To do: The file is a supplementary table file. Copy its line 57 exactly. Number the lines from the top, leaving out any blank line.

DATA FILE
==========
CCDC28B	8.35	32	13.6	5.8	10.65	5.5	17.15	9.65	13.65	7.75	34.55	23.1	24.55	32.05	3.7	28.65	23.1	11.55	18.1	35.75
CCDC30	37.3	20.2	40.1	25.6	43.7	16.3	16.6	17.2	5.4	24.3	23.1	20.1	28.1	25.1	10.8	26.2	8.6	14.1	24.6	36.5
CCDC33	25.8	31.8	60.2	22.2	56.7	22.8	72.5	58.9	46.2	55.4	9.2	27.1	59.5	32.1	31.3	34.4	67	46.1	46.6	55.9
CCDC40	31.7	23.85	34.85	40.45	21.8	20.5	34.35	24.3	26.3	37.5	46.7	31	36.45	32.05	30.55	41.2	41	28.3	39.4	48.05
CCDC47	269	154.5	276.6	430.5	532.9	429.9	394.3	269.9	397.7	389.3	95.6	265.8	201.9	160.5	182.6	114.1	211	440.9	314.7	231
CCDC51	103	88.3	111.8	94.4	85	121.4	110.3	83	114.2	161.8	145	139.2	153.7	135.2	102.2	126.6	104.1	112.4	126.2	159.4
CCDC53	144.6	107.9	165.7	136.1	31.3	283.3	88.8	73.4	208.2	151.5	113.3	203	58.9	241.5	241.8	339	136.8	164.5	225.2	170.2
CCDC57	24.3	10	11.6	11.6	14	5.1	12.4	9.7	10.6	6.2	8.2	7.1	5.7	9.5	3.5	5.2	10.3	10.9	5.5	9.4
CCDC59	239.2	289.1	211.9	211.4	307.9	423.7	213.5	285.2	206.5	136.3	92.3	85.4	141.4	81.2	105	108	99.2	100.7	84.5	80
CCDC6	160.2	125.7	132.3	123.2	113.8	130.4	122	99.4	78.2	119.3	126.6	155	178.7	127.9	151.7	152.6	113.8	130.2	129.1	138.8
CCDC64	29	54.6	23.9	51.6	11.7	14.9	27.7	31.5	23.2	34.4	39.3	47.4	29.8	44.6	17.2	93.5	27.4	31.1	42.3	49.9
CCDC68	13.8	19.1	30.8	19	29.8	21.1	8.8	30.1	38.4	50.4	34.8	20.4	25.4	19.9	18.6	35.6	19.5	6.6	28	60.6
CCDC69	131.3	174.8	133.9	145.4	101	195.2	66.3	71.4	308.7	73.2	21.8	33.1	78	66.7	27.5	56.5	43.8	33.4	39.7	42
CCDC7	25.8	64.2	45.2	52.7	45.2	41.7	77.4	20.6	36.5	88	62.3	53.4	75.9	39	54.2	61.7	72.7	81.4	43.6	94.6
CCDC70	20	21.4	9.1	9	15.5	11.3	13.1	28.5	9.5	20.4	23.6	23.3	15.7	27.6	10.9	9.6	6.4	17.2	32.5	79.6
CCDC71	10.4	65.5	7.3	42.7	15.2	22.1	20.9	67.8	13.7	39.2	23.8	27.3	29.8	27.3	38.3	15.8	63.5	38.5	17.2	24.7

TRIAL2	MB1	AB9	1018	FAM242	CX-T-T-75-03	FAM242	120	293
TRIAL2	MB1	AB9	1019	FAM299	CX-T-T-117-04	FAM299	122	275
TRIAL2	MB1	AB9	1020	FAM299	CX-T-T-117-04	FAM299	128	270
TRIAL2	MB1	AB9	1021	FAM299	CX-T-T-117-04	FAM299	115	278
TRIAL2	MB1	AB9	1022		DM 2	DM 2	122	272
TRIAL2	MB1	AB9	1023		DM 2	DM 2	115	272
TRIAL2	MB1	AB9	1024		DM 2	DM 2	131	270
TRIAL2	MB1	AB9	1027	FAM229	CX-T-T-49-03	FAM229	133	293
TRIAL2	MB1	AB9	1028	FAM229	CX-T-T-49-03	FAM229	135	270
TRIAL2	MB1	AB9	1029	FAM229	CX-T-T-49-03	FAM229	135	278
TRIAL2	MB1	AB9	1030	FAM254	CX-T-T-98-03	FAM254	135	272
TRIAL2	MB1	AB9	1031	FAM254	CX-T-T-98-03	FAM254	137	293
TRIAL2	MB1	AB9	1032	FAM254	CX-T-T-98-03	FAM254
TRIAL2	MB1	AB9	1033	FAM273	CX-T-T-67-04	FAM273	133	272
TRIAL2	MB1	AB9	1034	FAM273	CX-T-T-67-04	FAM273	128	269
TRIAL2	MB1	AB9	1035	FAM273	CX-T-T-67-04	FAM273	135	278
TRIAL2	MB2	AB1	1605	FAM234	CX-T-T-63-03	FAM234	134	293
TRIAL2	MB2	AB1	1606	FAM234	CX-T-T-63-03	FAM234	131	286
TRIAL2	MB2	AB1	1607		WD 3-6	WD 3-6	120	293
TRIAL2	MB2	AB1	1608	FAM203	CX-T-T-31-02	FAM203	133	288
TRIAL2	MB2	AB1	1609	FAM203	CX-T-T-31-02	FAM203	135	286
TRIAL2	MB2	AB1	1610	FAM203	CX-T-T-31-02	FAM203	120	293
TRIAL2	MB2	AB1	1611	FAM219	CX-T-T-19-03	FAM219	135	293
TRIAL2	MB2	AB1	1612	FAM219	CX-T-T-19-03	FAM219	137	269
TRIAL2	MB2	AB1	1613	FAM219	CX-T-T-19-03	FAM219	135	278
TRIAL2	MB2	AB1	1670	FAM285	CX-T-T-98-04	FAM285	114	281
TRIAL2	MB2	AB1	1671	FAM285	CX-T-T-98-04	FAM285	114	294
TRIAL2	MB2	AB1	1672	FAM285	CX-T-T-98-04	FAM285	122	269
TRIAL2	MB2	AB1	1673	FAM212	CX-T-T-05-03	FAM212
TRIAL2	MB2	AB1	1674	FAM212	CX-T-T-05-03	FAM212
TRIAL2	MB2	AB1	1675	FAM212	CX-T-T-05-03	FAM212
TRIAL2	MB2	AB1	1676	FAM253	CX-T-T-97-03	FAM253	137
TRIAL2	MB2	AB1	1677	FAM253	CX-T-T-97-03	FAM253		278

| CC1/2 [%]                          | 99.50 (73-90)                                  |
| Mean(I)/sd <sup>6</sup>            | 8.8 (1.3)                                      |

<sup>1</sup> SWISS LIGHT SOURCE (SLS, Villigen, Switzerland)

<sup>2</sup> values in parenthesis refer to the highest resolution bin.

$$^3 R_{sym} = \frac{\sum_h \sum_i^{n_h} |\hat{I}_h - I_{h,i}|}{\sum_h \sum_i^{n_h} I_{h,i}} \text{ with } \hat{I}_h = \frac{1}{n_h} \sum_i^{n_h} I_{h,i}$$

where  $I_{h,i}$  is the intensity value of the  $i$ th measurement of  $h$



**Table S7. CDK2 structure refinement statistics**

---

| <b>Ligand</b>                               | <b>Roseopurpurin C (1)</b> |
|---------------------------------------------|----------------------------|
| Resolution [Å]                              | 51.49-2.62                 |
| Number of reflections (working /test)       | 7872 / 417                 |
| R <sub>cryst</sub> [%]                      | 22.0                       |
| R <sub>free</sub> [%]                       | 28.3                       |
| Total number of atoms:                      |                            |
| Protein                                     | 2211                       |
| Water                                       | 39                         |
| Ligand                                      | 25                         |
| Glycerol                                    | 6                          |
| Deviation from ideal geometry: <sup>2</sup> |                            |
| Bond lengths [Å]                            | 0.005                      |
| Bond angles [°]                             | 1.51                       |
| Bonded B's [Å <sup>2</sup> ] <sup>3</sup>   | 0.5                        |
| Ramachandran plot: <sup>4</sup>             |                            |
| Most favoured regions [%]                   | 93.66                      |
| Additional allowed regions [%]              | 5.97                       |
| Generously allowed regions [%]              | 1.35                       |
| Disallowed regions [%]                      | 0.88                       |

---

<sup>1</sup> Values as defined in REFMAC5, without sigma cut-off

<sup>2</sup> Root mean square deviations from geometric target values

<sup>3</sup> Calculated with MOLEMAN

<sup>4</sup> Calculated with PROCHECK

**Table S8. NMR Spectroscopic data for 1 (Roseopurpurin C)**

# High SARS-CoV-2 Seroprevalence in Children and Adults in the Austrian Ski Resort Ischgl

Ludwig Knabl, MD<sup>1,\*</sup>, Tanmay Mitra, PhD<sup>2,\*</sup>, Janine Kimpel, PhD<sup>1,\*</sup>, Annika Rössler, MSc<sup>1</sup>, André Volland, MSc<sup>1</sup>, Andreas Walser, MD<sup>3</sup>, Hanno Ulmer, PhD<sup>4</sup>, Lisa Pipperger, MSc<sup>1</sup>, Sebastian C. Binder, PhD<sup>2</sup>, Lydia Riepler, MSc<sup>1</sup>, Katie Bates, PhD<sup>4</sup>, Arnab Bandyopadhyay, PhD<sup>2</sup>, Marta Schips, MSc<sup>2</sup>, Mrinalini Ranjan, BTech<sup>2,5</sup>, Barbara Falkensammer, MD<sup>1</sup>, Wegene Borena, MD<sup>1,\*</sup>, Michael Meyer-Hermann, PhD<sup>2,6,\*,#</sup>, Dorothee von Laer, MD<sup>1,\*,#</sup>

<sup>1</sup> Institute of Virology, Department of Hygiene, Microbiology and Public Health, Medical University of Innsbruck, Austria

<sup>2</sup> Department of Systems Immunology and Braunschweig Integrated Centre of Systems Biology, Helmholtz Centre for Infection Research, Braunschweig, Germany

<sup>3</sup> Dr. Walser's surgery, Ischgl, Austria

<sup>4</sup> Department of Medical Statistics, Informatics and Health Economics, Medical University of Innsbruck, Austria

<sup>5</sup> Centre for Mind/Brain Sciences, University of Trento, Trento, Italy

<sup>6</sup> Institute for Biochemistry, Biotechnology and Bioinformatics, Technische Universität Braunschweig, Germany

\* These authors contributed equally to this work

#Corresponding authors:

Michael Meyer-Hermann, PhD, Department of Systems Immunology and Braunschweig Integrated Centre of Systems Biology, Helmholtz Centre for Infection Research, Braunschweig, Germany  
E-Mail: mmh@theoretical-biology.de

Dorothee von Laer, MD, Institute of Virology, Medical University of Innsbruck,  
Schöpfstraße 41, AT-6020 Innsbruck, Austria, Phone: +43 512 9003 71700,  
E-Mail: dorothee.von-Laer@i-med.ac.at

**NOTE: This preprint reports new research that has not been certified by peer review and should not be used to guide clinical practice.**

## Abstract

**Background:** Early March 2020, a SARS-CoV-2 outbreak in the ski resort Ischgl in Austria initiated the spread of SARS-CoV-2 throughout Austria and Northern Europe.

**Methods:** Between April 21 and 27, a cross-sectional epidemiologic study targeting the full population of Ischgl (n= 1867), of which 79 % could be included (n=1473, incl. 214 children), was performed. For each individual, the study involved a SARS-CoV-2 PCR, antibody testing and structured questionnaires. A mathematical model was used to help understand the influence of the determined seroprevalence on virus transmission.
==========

---